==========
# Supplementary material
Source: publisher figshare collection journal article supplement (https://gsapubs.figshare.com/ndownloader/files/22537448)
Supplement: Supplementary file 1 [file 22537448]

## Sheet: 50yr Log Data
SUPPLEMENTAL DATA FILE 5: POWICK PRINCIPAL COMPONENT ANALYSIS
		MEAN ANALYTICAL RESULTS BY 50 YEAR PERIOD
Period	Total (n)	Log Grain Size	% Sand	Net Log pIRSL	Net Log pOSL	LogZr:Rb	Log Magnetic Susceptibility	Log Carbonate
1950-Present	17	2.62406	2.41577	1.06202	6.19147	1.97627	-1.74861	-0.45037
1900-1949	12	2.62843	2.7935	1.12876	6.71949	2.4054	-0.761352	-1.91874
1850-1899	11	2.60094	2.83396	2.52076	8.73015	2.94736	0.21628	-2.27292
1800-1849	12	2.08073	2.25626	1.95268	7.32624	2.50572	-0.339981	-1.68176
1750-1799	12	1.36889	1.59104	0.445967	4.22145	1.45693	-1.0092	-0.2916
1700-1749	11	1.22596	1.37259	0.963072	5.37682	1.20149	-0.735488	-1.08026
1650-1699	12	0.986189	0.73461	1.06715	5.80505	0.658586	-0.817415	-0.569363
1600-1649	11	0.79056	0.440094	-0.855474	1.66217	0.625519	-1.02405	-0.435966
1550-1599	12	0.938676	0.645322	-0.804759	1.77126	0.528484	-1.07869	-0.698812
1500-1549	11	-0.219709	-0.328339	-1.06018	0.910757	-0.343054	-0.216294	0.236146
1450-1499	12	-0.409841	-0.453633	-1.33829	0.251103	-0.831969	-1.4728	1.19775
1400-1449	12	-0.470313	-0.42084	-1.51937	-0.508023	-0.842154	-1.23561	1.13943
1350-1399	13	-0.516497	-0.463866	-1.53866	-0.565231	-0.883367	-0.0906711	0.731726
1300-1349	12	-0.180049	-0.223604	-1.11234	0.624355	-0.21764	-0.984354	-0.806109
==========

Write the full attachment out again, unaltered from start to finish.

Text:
# Supplementary material
Source: publisher figshare collection journal article supplement (https://gsapubs.figshare.com/ndownloader/files/22537448)
Supplement: Supplementary file 1 [file 22537448]

## Sheet: 50yr Log Data
SUPPLEMENTAL DATA FILE 5: POWICK PRINCIPAL COMPONENT ANALYSIS
		MEAN ANALYTICAL RESULTS BY 50 YEAR PERIOD
Period	Total (n)	Log Grain Size	% Sand	Net Log pIRSL	Net Log pOSL	LogZr:Rb	Log Magnetic Susceptibility	Log Carbonate
1950-Present	17	2.62406	2.41577	1.06202	6.19147	1.97627	-1.74861	-0.45037
1900-1949	12	2.62843	2.7935	1.12876	6.71949	2.4054	-0.761352	-1.91874
1850-1899	11	2.60094	2.83396	2.52076	8.73015	2.94736	0.21628	-2.27292
1800-1849	12	2.08073	2.25626	1.95268	7.32624	2.50572	-0.339981	-1.68176
1750-1799	12	1.36889	1.59104	0.445967	4.22145	1.45693	-1.0092	-0.2916
1700-1749	11	1.22596	1.37259	0.963072	5.37682	1.20149	-0.735488	-1.08026
1650-1699	12	0.986189	0.73461	1.06715	5.80505	0.658586	-0.817415	-0.569363
1600-1649	11	0.79056	0.440094	-0.855474	1.66217	0.625519	-1.02405	-0.435966
1550-1599	12	0.938676	0.645322	-0.804759	1.77126	0.528484	-1.07869	-0.698812
1500-1549	11	-0.219709	-0.328339	-1.06018	0.910757	-0.343054	-0.216294	0.236146
1450-1499	12	-0.409841	-0.453633	-1.33829	0.251103	-0.831969	-1.4728	1.19775
1400-1449	12	-0.470313	-0.42084	-1.51937	-0.508023	-0.842154	-1.23561	1.13943
1350-1399	13	-0.516497	-0.463866	-1.53866	-0.565231	-0.883367	-0.0906711	0.731726
1300-1349	12	-0.180049	-0.223604	-1.11234	0.624355	-0.21764	-0.984354	-0.806109